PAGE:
Laughing. Dancing. Sleeping. Exploring. Writing. Travelling. Eating. Working. Partying. Loving. Crying. Existing. Living. This list is one that I began when recovering from anorexia, that I resumed when suffering with bulimia and that I carry with me to this very day. It serves as a constant reminder of a life worth living and a recovery worth chasing. To some, the elements on this list might be considered banal, even boring. Working? Where’s the fun in that? But to me, each and every one of them is a reason for recovery. They are all things that I took for granted before my eating disorder journey but that I now consider with gratitude every single day.
It saddens me that I had to hit rock bottom before learning to view life with positivity, gratitude and a great big smile, but I am able to look back on my experience today and know that it made me a stronger person. I am not grateful for my eating disorder, but I am thankful for the position I am now in: to educate and inspire others, to bring attention to the destructive mental illnesses that are affecting more and more people and to turn a personal negative experience into a universal positive one.
Like so many, my story began long before I thought it did. I always thought I had a ‘normal’ relationship with food and my body but essentially, I always thought that I was the largest in my friend group, and made it a goal to eat less than the others. But it was never anything extreme. Little did I know that it wasn’t the behaviours that were a problem but the thought process behind them. My story took a turn halfway through my first year of university when I was told by my doctor that I had put on weight. A harmless comment that targeted all of my old insecurities resulted in me crying in front of the mirror, grabbing wildly at my body and wishing that I could just disappear. All of my perfectionist tendencies came into play as I flung myself wildly into weight loss culture.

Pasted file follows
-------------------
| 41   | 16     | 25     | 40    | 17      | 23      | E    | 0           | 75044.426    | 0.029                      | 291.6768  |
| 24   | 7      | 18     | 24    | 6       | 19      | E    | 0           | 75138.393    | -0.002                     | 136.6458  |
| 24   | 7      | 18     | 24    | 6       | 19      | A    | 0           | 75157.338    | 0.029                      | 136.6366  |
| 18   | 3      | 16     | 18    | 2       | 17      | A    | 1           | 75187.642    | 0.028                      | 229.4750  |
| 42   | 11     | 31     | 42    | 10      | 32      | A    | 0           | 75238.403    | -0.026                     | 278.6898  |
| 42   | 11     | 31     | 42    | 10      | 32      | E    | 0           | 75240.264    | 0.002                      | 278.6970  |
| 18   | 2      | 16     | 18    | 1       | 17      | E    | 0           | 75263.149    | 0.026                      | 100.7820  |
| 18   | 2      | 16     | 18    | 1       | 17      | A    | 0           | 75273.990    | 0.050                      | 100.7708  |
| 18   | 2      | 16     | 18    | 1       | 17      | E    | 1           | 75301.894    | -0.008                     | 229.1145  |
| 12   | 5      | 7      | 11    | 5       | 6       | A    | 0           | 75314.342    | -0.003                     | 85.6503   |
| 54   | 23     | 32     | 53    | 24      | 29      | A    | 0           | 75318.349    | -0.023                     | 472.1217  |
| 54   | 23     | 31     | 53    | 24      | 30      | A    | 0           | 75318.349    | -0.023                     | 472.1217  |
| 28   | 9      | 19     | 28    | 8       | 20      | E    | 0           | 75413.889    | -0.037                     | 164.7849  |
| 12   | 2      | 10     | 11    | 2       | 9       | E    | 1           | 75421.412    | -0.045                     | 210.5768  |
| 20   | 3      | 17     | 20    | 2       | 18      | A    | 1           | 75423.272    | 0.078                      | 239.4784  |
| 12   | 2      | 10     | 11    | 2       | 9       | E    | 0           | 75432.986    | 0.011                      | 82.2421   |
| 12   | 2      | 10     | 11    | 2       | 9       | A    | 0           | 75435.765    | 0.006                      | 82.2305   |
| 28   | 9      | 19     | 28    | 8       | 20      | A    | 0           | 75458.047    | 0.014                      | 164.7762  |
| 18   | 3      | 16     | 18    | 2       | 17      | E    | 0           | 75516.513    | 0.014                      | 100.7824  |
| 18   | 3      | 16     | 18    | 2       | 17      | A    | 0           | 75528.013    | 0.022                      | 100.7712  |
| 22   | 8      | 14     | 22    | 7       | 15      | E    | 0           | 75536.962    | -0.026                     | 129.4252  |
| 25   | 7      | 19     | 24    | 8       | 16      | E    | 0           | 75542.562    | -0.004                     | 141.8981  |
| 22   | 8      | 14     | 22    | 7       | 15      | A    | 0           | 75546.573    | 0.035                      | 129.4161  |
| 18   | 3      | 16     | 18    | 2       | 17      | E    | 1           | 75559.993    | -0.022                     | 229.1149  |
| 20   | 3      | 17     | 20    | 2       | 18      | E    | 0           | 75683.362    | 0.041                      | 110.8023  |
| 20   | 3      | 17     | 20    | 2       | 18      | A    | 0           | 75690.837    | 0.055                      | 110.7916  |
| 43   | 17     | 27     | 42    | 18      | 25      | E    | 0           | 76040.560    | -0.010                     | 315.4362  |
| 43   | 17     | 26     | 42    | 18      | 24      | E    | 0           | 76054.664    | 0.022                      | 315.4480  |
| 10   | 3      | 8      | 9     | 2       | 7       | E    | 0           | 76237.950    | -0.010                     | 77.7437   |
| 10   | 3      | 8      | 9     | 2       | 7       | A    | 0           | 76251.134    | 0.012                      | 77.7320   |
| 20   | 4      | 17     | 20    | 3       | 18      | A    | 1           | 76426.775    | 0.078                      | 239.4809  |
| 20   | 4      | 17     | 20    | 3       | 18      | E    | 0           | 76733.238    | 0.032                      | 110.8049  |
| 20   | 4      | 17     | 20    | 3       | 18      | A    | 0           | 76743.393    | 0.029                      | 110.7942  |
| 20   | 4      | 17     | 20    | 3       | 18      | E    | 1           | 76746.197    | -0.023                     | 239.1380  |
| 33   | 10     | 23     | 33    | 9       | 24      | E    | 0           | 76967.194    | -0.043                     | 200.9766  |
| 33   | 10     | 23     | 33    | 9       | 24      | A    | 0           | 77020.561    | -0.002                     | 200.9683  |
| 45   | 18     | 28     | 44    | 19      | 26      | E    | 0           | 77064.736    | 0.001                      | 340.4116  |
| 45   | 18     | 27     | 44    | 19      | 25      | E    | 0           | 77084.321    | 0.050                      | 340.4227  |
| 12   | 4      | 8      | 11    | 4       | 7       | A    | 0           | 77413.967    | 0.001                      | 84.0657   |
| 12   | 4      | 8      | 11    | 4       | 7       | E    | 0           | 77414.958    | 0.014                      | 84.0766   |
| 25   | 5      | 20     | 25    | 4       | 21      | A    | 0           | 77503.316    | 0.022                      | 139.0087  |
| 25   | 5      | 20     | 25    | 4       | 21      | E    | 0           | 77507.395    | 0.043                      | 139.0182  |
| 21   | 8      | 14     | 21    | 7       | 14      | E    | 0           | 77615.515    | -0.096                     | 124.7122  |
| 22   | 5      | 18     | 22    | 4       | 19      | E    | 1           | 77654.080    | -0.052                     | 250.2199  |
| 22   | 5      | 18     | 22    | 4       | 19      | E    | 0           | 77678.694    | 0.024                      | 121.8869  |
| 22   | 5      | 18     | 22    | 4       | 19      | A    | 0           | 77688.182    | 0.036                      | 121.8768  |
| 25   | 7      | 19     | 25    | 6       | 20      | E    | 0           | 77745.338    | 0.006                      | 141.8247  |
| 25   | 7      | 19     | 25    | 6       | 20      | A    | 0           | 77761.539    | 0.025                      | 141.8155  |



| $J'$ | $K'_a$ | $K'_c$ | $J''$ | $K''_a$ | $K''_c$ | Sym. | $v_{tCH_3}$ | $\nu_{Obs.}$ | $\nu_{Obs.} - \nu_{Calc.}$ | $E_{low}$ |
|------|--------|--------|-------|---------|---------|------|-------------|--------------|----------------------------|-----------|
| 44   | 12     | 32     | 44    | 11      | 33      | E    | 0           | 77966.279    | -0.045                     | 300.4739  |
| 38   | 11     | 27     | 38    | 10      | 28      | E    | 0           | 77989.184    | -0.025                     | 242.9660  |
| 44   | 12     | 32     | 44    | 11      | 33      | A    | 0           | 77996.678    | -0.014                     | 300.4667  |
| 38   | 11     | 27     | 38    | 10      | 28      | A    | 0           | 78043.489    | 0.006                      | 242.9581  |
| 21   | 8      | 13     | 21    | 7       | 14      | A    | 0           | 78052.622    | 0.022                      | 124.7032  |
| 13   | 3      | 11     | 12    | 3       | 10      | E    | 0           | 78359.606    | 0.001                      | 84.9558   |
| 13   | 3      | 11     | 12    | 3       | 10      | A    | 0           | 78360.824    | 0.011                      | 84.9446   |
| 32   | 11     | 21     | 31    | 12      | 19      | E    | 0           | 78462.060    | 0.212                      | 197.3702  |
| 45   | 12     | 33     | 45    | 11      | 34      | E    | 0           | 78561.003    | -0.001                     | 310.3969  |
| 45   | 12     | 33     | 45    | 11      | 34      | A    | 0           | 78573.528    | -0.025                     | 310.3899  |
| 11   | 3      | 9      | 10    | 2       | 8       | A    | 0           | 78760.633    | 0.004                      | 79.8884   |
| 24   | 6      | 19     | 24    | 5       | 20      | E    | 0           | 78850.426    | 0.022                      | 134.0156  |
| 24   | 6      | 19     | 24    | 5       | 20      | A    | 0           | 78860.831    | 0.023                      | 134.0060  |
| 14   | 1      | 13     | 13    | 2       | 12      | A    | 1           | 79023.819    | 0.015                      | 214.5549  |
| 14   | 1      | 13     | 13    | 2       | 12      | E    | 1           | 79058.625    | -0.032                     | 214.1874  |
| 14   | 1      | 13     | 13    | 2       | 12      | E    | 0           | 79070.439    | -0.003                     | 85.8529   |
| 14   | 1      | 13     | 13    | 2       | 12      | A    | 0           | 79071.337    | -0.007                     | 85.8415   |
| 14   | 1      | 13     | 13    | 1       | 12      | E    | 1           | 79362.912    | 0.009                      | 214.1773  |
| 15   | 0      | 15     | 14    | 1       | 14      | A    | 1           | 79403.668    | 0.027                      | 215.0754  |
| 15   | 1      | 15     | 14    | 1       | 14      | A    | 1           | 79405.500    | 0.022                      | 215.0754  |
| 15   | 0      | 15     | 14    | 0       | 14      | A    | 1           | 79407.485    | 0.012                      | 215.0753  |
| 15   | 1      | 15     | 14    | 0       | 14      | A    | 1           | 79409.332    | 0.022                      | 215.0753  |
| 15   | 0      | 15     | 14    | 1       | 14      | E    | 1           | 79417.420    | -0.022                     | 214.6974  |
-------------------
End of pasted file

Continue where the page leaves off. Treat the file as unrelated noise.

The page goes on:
Little by little, my behaviour became more extreme. My entire life revolved around food and yet I barely touched it. I planned all of my meals down to the tiniest calorie. I began cutting out entire food groups and exercised to the point of exhaustion. No matter how tired or ill I was, I powered through until I stopped feeling hunger or pain. I stopped feeling anything. I learned to purge. I got better at saying no, at hiding away, at avoiding people, at lying. I didn’t know how to stop. I became spiteful. I shouted. I cried. I even ran away from my house, too scared to face the dinner that had been so lovingly prepared.
Eventually, my old self cried out, lost in the eating disorder that had enveloped me. The eating disorder that was at once my best friend and my worst enemy. I saw, for one fleeting moment, everything that I had lost. My friends. My family. My smile. My enthusiasm. My hobbies. My passion for theatre and for writing. My life. I turned to the Internet, and found a whole community of brave people in the same position that had chosen to fight. I made appointments and visited clinics. Only then did I realise what a scary world I had entered. Recovery wasn’t easy, and unfortunately I had to get worse before I got better. While I was physically recovered, my mental state was at its very lowest and I soon turned to a different type of self-hatred.
It took me a while to realise it, and even longer to come to terms with it, but I had bulimia. Every day was a cycle of restrict, binge, purge, hate myself and restrict again. I went from entirely rejecting food to making it my only source of comfort and release. Just like people with anorexia, people with bulimia are not themselves. They become their eating disorder. They become secretive, isolated and depressed. They cancel plans to binge and purge. They spend money they don’t have on food they don’t keep down. They hoard and they steal. I felt stuck. I was sure there was no way out. An eating disorder had entirely consumed me. I had not been myself since the comment my doctor made. I pushed people away to the point of almost ruining relationships.
But I also made it to the other side. I learned who my true friends are. I learned that there is forgiveness and compassion in the world. I slowly learned not only to accept myself, but to love myself, exactly as I am. I learned that there is, surprisingly, always hope. And this is why I am sharing my story. To tell all of you out there who may be suffering that you are not alone. I have seen both sides of this awful spectrum and probably every stage that you can fit in between. But hey, I’m still here. I’m still smiling and I’m still fighting.
You are not alone. You are loved. You are important. You are not worthless. You are beautiful. You are strong. And you will beat this thing. I promise.